The 90-50 Formula For House Swing Projection
Like most of you here, I’ve kept a watch on Neil Stevens’ Swing-O-Meter and his various poll-based projections. (Always a worthwhile read, Neil.) And like many of you, I also have enjoyed watching more and more names mount and shift right on Cook’s Political Report. Being a numbers guy myself, I thought it would be fun to create my own gauge for what kind of swing the Republicans might end up with this time around, so I have come up with the 90-50 formula.
We start with the current version of Cook’s House Projections. As has been noted before, Cook is notoriously hesitant to shift any race with an incumbent beyond “Toss-Up”, which means that when he lists a race as such, there is much more than a 50% chance that the other side is going to win the race. And if you believe what you read from many other sources, many of the “Lean D” races are quite competitive, with some polls indicating a Republican lead. As for the Republican side, Charles Djou’s seat is at worst a toss-up for us (recent polls show him leading), and there is no seat that is currently listed as “Lean Republican” that looks like an upset. So we’ll leave those out.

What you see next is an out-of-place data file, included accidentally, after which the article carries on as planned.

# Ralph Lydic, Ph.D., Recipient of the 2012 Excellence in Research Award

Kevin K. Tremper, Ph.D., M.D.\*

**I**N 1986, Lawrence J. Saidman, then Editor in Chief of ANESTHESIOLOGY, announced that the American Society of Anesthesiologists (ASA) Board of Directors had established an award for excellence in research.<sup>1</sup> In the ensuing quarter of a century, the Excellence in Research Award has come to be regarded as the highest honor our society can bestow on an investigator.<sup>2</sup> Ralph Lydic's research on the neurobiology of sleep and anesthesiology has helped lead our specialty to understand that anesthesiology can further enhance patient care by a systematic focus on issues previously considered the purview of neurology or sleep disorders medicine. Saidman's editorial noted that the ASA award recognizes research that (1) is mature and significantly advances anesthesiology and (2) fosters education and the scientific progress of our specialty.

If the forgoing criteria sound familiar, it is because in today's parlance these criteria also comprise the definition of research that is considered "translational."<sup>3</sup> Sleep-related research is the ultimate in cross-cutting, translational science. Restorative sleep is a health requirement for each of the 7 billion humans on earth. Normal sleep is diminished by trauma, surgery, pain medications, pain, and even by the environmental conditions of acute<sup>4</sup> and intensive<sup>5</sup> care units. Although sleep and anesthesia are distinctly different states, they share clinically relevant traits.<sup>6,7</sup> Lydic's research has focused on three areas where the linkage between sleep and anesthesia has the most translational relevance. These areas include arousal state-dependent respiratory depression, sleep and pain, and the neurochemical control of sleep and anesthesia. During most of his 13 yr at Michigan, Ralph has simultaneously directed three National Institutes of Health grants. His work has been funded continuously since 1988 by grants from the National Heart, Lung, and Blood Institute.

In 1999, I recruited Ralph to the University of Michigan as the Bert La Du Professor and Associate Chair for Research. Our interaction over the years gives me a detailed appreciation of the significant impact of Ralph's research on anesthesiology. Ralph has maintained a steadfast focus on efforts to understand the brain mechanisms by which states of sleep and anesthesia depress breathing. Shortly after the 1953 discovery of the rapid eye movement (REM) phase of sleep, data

So the formula works out like this: 90% of “Democratic Toss-Ups” will shift, 50% of “Lean Democratic” will shift. Add to that any seat that Cook has already placed on the other side, and you have your number.
So let’s see what we end up with:
Democrat Toss-Ups: There are currently 46 of them. 46 * 90% = 41.4, so we’ll round down and say 41 of these seats shift.
Leans Democrat: 28 Democrat seats fall into this category. 28 * 50% = 14 seats.
R seats leaning D: There are 3 of these (IL-10, DE-AL, and LA-2).
D seats leaning or likely R: There are 17 in the “Lean R” column, and 6 more in the “Likely R” column, for a total of 23.
So to sum it all up:
Leans: + 14
R to D: – 3
D to R: + 23
Total: 75 seats
That seems like a good number to me. Feel free to play along at home when Cook’s next report comes out.